Around 20,000 to 30,000 children born to North Korean women in China have no nationality and no basic rights
By Emma Batha
LONDON, Dec 9 (Thomson Reuters Foundation) - Campaigners urged China on Wednesday to give citizenship to a 'hidden generation' of stateless children born to trafficked North Korean women forced into marriage or prostitution in China.
They said an estimated 20,000 to 30,000 children born to North Korean women in China have no nationality and therefore cannot access education, healthcare and basic rights that most people take for granted.
If their mothers are deported, they are often abandoned by their Chinese fathers, leaving them effectively orphaned, according to the European Alliance for Human Rights in North Korea (EAHRNK).
Thousands of North Koreans have fled hunger and oppression in the secretive state since a famine in the mid-1990s. Many are in hiding in neighbouring China, which considers them illegal migrants.
The plight of their children is outlined in an EAHRNK report co-authored by Yong Joon Park, a teenager now living in Britain who grew up stateless in China.
His mother, Jihyun Park, told the Thomson Reuters Foundation traffickers sold her as a wife to a poor Chinese farmer after she fled North Korea in 1998.
In 2004, when their son was five, she was reported to the authorities and deported back to North Korea.
There she was sent to a labour camp where she endured "horrific conditions" and prisoners were "worked harder than animals".
"All I could think of was seeing my son again," said Park, who eventually managed to escape and return to China.
She found her son but barely recognised him. His skin was filthy and flaking, and when he was hungry he was sent outside to pick up grains of rice from the ground.
"They treated him badly. His life was worse than the starving children in North Korea," she said. "The Chinese government does not give children like my son a nationality so they cannot go to school."
She and her son managed to cross the Chinese border into Mongolia and later moved to Britain as refugees.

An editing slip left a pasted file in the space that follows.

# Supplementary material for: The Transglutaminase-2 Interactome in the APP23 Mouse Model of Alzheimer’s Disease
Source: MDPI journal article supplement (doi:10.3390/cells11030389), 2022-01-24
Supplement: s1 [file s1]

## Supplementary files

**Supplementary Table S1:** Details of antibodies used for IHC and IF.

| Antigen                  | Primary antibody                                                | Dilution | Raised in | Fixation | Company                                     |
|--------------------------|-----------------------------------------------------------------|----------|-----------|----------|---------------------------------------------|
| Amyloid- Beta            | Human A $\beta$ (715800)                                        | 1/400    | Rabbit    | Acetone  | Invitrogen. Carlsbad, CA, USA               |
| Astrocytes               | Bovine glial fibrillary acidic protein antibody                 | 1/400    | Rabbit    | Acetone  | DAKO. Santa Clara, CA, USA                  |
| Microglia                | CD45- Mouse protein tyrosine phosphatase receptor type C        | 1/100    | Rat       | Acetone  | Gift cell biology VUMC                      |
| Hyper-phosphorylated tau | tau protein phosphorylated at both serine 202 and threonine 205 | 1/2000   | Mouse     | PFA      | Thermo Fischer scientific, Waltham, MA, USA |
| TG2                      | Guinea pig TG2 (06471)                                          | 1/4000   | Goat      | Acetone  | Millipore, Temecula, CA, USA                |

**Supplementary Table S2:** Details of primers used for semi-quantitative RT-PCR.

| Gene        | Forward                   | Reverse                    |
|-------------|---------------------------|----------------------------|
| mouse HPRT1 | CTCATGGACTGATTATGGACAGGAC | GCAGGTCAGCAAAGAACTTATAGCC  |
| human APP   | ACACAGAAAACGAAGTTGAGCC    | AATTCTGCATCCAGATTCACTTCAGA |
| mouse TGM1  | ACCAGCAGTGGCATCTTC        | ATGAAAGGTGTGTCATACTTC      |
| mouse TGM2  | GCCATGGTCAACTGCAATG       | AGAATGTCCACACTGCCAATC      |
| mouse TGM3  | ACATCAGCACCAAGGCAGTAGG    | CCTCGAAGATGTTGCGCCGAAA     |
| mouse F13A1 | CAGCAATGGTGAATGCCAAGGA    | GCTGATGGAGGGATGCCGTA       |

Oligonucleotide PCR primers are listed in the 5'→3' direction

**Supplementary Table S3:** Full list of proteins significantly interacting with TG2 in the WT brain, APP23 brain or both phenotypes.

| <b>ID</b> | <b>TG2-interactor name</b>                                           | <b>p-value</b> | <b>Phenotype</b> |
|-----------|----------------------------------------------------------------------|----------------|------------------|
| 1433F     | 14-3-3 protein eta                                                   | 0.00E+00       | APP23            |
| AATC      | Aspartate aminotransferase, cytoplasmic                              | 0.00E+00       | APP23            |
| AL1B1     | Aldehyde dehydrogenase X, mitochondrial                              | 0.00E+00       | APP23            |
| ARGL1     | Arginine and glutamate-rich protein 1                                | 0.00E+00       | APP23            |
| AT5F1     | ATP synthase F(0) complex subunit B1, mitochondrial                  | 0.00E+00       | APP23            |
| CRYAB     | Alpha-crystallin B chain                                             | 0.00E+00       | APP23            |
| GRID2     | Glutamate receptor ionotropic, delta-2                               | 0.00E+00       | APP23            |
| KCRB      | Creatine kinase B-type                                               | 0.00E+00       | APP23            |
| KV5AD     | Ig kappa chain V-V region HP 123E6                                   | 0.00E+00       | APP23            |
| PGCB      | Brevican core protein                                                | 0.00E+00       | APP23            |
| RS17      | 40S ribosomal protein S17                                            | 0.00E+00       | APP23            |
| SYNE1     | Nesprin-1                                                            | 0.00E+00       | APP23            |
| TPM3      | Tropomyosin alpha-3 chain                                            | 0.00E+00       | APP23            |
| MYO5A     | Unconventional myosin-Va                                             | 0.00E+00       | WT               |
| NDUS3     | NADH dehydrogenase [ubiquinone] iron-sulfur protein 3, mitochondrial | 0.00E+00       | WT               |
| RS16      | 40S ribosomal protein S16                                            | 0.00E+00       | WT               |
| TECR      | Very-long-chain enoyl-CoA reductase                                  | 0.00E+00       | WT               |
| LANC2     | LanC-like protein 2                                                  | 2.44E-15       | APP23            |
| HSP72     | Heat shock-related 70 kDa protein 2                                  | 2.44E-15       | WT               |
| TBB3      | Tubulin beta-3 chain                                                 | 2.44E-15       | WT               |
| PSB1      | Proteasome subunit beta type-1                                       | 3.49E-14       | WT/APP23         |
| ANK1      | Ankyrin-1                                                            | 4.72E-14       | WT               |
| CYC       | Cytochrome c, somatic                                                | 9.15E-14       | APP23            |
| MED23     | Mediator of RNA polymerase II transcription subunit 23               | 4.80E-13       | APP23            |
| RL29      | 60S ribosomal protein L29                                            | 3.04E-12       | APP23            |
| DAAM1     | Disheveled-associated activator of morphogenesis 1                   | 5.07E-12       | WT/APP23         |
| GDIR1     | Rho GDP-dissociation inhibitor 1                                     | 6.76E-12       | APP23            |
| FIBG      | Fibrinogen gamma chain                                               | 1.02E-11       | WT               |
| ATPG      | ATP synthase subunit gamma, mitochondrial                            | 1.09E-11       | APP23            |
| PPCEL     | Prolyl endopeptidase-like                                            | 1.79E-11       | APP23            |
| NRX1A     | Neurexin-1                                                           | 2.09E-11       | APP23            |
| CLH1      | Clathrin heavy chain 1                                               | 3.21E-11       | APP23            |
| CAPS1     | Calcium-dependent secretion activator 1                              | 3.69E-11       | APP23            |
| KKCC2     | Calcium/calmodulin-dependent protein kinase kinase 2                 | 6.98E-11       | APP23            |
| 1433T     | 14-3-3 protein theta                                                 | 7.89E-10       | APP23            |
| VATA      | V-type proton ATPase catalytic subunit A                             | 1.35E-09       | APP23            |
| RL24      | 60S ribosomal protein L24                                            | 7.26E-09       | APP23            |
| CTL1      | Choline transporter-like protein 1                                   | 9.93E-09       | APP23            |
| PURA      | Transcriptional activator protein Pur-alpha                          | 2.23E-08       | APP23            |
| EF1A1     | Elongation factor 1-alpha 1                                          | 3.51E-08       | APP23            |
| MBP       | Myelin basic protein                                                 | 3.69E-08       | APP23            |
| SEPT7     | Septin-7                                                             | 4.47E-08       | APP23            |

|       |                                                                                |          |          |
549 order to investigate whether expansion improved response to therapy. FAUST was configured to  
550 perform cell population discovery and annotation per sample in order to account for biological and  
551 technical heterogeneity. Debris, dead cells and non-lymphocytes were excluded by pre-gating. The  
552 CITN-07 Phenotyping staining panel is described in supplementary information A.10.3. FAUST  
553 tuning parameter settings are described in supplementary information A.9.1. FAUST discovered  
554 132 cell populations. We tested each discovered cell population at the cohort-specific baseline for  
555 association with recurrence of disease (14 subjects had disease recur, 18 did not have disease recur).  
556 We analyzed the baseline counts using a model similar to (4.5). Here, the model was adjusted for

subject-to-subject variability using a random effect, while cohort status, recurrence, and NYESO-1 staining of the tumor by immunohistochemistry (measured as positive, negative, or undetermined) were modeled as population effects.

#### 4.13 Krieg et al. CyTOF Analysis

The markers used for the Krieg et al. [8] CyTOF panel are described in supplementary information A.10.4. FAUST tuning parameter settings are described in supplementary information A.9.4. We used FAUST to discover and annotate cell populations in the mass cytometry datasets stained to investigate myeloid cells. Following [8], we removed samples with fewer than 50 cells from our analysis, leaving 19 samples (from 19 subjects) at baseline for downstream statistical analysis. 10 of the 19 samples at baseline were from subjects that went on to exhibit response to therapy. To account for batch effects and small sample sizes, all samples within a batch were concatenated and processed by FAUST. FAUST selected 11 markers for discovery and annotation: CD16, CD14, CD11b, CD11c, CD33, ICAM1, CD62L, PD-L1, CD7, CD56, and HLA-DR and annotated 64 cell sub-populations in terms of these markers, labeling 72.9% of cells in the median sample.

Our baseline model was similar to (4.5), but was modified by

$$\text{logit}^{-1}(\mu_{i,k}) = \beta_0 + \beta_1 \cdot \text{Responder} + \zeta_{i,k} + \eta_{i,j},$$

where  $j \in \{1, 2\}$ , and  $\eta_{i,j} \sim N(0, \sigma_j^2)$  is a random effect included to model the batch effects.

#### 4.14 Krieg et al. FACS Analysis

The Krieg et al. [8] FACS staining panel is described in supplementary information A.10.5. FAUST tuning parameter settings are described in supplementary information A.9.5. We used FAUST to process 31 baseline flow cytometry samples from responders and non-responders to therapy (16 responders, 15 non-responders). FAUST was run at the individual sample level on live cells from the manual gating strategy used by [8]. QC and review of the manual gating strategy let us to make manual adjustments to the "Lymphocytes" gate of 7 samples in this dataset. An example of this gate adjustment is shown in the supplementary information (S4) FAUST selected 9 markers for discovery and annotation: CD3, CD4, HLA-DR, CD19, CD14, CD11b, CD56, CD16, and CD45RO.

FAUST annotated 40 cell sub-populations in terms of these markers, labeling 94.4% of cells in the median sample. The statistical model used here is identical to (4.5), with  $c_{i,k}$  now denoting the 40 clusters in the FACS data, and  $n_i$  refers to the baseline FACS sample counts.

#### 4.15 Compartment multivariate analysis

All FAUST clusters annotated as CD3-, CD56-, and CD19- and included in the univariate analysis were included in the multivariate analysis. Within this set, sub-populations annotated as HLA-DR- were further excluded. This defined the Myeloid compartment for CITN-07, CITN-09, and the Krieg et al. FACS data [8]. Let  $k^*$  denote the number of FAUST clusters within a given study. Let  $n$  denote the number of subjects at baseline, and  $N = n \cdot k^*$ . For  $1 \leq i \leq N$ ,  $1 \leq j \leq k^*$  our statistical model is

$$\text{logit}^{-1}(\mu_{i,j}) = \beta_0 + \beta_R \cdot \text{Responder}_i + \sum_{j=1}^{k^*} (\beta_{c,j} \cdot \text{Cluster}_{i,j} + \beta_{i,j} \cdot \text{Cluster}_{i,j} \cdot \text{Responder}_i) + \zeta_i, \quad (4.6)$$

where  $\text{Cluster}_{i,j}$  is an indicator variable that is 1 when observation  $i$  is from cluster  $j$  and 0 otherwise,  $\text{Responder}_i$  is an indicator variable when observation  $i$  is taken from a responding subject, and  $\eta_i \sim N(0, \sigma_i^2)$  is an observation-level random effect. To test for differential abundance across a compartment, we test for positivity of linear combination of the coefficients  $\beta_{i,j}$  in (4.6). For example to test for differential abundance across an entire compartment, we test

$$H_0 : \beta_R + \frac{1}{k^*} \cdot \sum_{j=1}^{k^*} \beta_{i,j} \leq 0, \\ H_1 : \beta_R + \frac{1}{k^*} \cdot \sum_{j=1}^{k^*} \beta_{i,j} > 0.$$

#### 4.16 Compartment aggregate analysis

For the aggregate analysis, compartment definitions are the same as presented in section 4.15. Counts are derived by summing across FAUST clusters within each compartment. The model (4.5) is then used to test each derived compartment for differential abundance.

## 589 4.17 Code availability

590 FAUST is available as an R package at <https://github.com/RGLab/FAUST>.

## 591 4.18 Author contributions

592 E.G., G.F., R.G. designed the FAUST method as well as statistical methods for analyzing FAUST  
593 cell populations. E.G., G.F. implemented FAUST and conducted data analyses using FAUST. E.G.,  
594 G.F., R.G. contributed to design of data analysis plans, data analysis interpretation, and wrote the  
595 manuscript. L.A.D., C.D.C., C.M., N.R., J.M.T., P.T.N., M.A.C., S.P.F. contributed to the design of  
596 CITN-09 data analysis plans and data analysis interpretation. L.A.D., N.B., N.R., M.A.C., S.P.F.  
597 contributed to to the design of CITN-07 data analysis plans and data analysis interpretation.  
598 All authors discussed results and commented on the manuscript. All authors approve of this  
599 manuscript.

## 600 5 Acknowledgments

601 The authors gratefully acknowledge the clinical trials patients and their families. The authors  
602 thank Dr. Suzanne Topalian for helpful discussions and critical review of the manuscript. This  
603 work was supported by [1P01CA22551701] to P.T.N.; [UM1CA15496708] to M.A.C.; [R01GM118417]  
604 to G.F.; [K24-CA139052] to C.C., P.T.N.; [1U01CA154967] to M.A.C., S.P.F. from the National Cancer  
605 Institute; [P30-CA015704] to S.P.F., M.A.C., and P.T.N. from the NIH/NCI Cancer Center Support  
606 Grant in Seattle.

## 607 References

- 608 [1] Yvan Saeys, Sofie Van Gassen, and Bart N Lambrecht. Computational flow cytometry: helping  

"When my son arrived in the UK he was nine. It was the first time he had a nationality and the first time he went to school."
Now 16, he scored straight As in his exams this year and is hoping to go to university to become a lawyer.
EAHRNK director Michael Glendinning said the Chinese authorities were making no effort to find a solution for such children. "The Chinese government have just washed their hands and are refusing to do anything about it," he said.
"They won't give these children the status they need to access the most basic of things. Legally, they don't even have a name."
The report also urged China to stop repatriating North Koreans.
The Chinese embassy in London could not immediately comment.
The U.N. refugee agency (UNHCR) launched a global campaign last year to eradicate statelessness within a decade. The children in China are among an estimated 10 million stateless people worldwide.
U.N. human rights investigators have accused North Korea of abuses comparable to Nazi-era atrocities and say that defectors sent back face torture, imprisonment and even execution.
(Editing by Tim Pearce. Please credit the Thomson Reuters Foundation, the charitable arm of Thomson Reuters, that covers humanitarian news, women's rights, trafficking, corruption and climate change. Visit www.trust.org)
Our Standards: The Thomson Reuters Trust Principles.